Soldering Copper Pipe

Many older homes have copper pipe and if you need to fix a leak of any kind you will have to do some soldering. There are other ways to make these repairs, but in this article we will focus on the skill of soldering.

You can only sold copper with copper or copper with brass, everything else will not work there before you would have to use a MIP or FIP. Which stands for male iron pipe threads and female iron pipe threads. Once these fittings are attached you can then use black iron or galvanized pipe to complete your joints.

Back in plumbing school we learned a method that worked well for soldering, therefore this will what I am going to write about today.

First thing you need to do is make proper measurements. Measure twice and cut once. When you cut into the pipe you need to use a proper copper pipe cutter. These come with a cutting wheel and two steering wheels to help you get a perfect edge to solder with. You can use a hacksaw if you have to, but if your edge is crooked you may not get enough of a bead of solder through the joint to make a leak free seal. Sure it might last a week or two or maybe even a year, but in time this can fail.

Now you need to clean the pipe. There are two types of pipe cleaners out there, and both are pretty much the same. One is a numbers sand paper that has a paper backing and the other is more of a mesh. In both cases these are called emery cloth.

Take your emery cloth and clean the pipe. This is more of a scraping than cleaning as small particles of copper will come off. Not like if you were using a file, but a little does come off. Now you need to do the same thing with you fitting. If the fitting is too small to get your finger or thumb into then use a pipe fitting cleaning brush. These are small wires that point outwards in a circular fashion at the end of the brush.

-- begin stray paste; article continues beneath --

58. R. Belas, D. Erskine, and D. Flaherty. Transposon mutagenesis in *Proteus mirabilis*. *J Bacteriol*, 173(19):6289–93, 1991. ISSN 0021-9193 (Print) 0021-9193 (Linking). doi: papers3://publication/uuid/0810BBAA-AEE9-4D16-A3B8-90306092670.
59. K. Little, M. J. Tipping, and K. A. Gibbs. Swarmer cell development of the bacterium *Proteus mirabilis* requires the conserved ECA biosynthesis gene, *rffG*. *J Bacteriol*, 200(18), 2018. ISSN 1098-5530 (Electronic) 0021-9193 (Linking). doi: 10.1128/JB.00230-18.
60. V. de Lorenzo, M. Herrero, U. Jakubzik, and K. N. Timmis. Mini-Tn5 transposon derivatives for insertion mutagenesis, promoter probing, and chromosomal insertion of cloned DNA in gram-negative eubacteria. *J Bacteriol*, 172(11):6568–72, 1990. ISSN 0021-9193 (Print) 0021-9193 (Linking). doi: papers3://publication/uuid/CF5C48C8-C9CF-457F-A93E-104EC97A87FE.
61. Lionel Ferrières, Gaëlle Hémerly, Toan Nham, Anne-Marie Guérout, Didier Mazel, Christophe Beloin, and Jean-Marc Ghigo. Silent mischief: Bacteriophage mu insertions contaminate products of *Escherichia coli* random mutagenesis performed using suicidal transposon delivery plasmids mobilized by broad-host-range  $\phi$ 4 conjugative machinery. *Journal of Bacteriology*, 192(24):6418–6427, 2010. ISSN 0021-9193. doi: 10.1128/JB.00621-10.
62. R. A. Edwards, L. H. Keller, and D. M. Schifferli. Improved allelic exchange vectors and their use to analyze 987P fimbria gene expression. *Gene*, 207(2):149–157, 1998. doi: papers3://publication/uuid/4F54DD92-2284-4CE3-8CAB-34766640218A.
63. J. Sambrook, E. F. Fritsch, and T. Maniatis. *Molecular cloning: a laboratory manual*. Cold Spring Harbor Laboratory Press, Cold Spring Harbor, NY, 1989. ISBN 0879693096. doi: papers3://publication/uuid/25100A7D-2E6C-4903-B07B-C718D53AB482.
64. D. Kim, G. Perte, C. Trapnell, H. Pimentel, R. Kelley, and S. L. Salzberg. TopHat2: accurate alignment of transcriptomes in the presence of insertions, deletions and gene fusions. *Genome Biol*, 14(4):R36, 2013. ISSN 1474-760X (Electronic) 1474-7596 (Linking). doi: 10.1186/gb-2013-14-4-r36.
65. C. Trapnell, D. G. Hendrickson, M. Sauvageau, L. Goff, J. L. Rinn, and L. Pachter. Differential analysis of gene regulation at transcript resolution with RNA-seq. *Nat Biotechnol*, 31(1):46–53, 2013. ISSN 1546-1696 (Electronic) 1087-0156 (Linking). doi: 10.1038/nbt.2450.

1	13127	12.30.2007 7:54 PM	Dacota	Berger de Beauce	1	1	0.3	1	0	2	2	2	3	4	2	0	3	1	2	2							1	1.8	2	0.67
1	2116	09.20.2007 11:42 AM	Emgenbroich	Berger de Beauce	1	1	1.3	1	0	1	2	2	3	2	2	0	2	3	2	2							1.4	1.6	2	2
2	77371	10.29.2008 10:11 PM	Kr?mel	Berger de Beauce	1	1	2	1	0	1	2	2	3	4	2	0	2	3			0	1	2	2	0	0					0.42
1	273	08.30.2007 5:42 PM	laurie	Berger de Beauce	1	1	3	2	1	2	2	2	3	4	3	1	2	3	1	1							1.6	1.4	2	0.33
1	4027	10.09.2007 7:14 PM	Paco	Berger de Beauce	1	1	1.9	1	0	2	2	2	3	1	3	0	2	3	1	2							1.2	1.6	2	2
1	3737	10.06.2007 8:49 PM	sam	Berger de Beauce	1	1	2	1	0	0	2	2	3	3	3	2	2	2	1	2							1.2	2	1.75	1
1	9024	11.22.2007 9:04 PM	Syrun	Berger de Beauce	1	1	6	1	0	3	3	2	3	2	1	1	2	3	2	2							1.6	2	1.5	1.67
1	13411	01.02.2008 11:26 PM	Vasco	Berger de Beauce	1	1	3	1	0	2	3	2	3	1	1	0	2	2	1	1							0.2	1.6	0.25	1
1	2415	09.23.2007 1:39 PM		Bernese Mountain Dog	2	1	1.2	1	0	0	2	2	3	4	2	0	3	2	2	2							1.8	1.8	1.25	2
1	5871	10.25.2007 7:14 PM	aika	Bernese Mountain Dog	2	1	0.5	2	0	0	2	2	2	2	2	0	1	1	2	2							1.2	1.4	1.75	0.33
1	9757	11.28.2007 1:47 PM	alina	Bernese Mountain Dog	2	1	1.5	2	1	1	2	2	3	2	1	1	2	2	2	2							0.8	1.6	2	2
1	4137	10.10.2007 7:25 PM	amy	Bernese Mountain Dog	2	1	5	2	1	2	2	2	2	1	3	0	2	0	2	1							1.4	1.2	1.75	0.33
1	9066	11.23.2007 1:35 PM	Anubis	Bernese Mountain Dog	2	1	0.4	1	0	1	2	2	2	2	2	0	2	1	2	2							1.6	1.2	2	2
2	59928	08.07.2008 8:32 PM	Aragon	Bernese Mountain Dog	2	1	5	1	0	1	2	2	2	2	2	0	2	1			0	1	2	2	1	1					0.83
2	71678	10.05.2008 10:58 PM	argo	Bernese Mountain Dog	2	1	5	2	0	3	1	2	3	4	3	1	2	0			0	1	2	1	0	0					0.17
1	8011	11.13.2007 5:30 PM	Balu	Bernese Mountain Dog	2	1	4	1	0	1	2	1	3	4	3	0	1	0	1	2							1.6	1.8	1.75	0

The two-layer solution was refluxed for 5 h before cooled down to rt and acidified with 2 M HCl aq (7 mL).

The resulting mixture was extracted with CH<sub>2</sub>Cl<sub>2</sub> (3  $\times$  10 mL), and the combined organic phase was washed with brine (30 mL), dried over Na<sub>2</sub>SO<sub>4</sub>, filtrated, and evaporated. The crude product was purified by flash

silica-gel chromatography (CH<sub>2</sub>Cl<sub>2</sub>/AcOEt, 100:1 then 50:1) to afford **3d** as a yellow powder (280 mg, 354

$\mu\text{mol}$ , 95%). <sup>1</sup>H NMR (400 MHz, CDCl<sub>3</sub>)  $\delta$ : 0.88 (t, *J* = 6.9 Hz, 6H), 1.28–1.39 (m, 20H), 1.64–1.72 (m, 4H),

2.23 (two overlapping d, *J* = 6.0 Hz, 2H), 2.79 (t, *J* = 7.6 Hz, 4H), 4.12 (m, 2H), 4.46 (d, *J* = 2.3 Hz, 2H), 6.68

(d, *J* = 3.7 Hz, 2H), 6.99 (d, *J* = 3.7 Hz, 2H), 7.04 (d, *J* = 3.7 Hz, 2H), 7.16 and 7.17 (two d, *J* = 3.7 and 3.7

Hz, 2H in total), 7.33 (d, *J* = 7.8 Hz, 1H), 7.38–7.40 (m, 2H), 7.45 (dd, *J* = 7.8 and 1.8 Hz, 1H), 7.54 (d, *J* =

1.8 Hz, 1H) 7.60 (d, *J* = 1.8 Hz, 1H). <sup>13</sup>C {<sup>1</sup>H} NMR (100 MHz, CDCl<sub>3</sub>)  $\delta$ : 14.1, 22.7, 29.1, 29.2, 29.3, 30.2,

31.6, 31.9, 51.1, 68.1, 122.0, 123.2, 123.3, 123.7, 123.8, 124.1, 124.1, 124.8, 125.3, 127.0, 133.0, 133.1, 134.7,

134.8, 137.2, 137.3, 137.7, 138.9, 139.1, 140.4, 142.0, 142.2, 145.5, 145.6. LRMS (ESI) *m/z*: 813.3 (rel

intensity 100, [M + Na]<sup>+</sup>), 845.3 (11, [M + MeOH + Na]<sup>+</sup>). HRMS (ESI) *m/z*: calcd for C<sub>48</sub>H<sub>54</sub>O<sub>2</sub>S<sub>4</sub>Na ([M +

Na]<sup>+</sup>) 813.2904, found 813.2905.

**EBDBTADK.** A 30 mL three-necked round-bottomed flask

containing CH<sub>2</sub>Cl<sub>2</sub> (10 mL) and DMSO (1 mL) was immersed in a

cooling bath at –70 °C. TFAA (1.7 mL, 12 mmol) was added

Now that your fitting and your pipe is clean you need to apply some soldering flux to the outside of the pipe and to the inside of the fitting. This also helps to clean the copper as you heat it, but is also meant to help the solder flow while you are soldering the copper pipe.

Oh, by the way, I am using the term copper pipe quite loosely here, in actual fact the term is called copper tube. There are three types of copper for plumbing, tubing, tube, and pipe. The long straight lengths you see on trucks and in your local hardware store are tube, while the coils come in longer lengths and are more used for gas fitting where it is against the code to solder. In these cases the gas fitter would use flared fittings to join the pipe. The tubing can be used for water lines in which case compression fittings are used. You may have seen these on dishwashers and ice makers. Real copper pipe is threaded and not soldered and is used for industrial purposes.

Before you start to sold the copper pipe you will need to have the right kind of solder. If you are soldering a joint for a vent or drain then you can use 50/50 which is 50% tin and 50% lead. Do NOT USE this on water lines. Also not recommended for heating systems as the melting temperature is lower than other types of solder. For water lines you can use 95/5 tin / antimony or lead free solder. Both are lead free just have different names.

Now let's get soldering, make sure you have proper ventilation and some sort of fire resistant material is you close to anything flammable. Turn on your torch and point the blue part of the flames tip at the joint you want to heat up. Now touch the joint from time to time with your solder to see if it is hot enough yet. Once the solder starts to melt you should pull the torch back a little so you do not over heat the fittings.

Make sure you get a good bead of solder all the way around the joint. In school it was mandatory to wipe the joint, but in reality nobody ever does.

If you have problems soldering because there is water in the line you will need to get all of the water out to make a proper joint. There are tools that allow you to solder on a valve with water in the line but these are expensive and can only be used to solder on a valve, MIP or FIP to tie onto later.

A quick fix if you can solder fast is to shove a slice of bread into the pipe and poke it up the pipe as far as you can. If the leak is small this should give you anywhere from 30 seconds to 3 minutes to get the job done. If the leak is bad enough that the bread does not hold for thirty second you may have to get someone in to freeze the pipe. If the bread holds the leak for more than 3 minutes then most likely you could have used a hotter torch and kept the steam back while you soldered the copper pipe.

The reason you can not sold with water in the line is because when water expands to steam there is an increase in volume of about 1700 times. Even if the joint did get hot enough a lot of times this increase in volume causes steam to push the solder out of the joint. Watch your eyes in this case as the solder will spray and is very hot.

I hope this helps you one you copper soldering project.